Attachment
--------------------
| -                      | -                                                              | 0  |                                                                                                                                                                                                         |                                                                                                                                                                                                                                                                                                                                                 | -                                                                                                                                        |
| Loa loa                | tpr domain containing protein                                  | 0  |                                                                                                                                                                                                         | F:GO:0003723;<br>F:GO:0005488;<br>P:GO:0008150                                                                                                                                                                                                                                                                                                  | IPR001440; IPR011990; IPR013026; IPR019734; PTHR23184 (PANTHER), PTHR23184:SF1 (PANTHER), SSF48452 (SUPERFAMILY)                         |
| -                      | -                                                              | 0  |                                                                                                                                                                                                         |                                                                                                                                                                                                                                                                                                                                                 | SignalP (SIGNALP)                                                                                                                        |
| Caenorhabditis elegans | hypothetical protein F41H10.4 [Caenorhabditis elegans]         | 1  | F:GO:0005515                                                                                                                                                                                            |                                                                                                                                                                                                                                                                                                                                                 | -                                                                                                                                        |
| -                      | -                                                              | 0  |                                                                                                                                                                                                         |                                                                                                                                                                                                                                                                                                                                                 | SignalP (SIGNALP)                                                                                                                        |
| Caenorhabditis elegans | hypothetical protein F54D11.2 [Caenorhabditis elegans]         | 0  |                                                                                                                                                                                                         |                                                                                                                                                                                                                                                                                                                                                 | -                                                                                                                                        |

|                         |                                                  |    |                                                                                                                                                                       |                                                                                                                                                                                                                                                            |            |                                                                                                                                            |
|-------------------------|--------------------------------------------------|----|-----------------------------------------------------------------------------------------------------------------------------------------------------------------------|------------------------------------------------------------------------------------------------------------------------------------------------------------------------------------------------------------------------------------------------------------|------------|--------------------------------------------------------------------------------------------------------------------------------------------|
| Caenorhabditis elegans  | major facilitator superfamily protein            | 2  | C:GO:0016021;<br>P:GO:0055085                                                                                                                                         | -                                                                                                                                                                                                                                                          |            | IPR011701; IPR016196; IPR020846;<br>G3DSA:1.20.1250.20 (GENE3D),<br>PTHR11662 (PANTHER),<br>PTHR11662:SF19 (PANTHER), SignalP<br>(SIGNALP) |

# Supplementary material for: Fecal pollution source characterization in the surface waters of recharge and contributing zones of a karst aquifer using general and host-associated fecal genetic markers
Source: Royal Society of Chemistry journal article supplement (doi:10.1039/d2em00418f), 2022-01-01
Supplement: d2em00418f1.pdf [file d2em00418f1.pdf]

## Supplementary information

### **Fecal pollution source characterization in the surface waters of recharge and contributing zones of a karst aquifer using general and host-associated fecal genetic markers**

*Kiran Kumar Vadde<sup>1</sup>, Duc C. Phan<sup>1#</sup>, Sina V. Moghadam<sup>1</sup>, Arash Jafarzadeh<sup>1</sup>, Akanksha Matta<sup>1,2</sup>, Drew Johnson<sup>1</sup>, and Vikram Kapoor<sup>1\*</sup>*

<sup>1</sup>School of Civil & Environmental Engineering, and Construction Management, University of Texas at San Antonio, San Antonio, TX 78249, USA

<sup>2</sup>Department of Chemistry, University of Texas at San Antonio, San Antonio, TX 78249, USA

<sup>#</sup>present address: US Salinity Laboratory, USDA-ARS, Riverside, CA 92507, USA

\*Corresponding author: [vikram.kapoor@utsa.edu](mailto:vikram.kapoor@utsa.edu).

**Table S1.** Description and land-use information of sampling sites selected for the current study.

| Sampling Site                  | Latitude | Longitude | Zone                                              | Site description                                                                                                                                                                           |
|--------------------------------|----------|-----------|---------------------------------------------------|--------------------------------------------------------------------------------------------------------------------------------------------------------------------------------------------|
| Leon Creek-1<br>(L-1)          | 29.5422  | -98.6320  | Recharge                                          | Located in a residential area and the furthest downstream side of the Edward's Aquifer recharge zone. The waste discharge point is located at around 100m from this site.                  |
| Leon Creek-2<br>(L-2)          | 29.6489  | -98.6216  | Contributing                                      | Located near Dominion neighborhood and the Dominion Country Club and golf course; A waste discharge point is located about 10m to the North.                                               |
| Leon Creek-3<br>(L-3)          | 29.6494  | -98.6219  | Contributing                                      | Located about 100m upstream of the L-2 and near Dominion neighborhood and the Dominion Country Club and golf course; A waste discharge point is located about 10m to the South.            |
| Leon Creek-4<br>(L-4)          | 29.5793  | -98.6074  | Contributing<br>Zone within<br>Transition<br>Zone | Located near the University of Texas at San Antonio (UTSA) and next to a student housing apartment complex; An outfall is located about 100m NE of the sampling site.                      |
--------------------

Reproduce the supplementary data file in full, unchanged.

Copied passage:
| -                      | -                                                              | 0  |                                                                                                                                                                                                         |                                                                                                                                                                                                                                                                                                                                                 | -                                                                                                                                        |
| Loa loa                | tpr domain containing protein                                  | 0  |                                                                                                                                                                                                         | F:GO:0003723;<br>F:GO:0005488;<br>P:GO:0008150                                                                                                                                                                                                                                                                                                  | IPR001440; IPR011990; IPR013026; IPR019734; PTHR23184 (PANTHER), PTHR23184:SF1 (PANTHER), SSF48452 (SUPERFAMILY)                         |
| -                      | -                                                              | 0  |                                                                                                                                                                                                         |                                                                                                                                                                                                                                                                                                                                                 | SignalP (SIGNALP)                                                                                                                        |
| Caenorhabditis elegans | hypothetical protein F41H10.4 [Caenorhabditis elegans]         | 1  | F:GO:0005515                                                                                                                                                                                            |                                                                                                                                                                                                                                                                                                                                                 | -                                                                                                                                        |
| -                      | -                                                              | 0  |                                                                                                                                                                                                         |                                                                                                                                                                                                                                                                                                                                                 | SignalP (SIGNALP)                                                                                                                        |
| Caenorhabditis elegans | hypothetical protein F54D11.2 [Caenorhabditis elegans]         | 0  |                                                                                                                                                                                                         |                                                                                                                                                                                                                                                                                                                                                 | -                                                                                                                                        |

|                         |                                                  |    |                                                                                                                                                                       |                                                                                                                                                                                                                                                            |            |                                                                                                                                            |
|-------------------------|--------------------------------------------------|----|-----------------------------------------------------------------------------------------------------------------------------------------------------------------------|------------------------------------------------------------------------------------------------------------------------------------------------------------------------------------------------------------------------------------------------------------|------------|--------------------------------------------------------------------------------------------------------------------------------------------|
| Caenorhabditis elegans  | major facilitator superfamily protein            | 2  | C:GO:0016021;<br>P:GO:0055085                                                                                                                                         | -                                                                                                                                                                                                                                                          |            | IPR011701; IPR016196; IPR020846;<br>G3DSA:1.20.1250.20 (GENE3D),<br>PTHR11662 (PANTHER),<br>PTHR11662:SF19 (PANTHER), SignalP<br>(SIGNALP) |

# Supplementary material for: Fecal pollution source characterization in the surface waters of recharge and contributing zones of a karst aquifer using general and host-associated fecal genetic markers
Source: Royal Society of Chemistry journal article supplement (doi:10.1039/d2em00418f), 2022-01-01
Supplement: d2em00418f1.pdf [file d2em00418f1.pdf]

## Supplementary information

### **Fecal pollution source characterization in the surface waters of recharge and contributing zones of a karst aquifer using general and host-associated fecal genetic markers**

*Kiran Kumar Vadde<sup>1</sup>, Duc C. Phan<sup>1#</sup>, Sina V. Moghadam<sup>1</sup>, Arash Jafarzadeh<sup>1</sup>, Akanksha Matta<sup>1,2</sup>, Drew Johnson<sup>1</sup>, and Vikram Kapoor<sup>1\*</sup>*

<sup>1</sup>School of Civil & Environmental Engineering, and Construction Management, University of Texas at San Antonio, San Antonio, TX 78249, USA

<sup>2</sup>Department of Chemistry, University of Texas at San Antonio, San Antonio, TX 78249, USA

<sup>#</sup>present address: US Salinity Laboratory, USDA-ARS, Riverside, CA 92507, USA

\*Corresponding author: [vikram.kapoor@utsa.edu](mailto:vikram.kapoor@utsa.edu).

**Table S1.** Description and land-use information of sampling sites selected for the current study.

| Sampling Site                  | Latitude | Longitude | Zone                                              | Site description                                                                                                                                                                           |
|--------------------------------|----------|-----------|---------------------------------------------------|--------------------------------------------------------------------------------------------------------------------------------------------------------------------------------------------|
| Leon Creek-1<br>(L-1)          | 29.5422  | -98.6320  | Recharge                                          | Located in a residential area and the furthest downstream side of the Edward's Aquifer recharge zone. The waste discharge point is located at around 100m from this site.                  |
| Leon Creek-2<br>(L-2)          | 29.6489  | -98.6216  | Contributing                                      | Located near Dominion neighborhood and the Dominion Country Club and golf course; A waste discharge point is located about 10m to the North.                                               |
| Leon Creek-3<br>(L-3)          | 29.6494  | -98.6219  | Contributing                                      | Located about 100m upstream of the L-2 and near Dominion neighborhood and the Dominion Country Club and golf course; A waste discharge point is located about 10m to the South.            |
| Leon Creek-4<br>(L-4)          | 29.5793  | -98.6074  | Contributing<br>Zone within<br>Transition<br>Zone | Located near the University of Texas at San Antonio (UTSA) and next to a student housing apartment complex; An outfall is located about 100m NE of the sampling site.                      |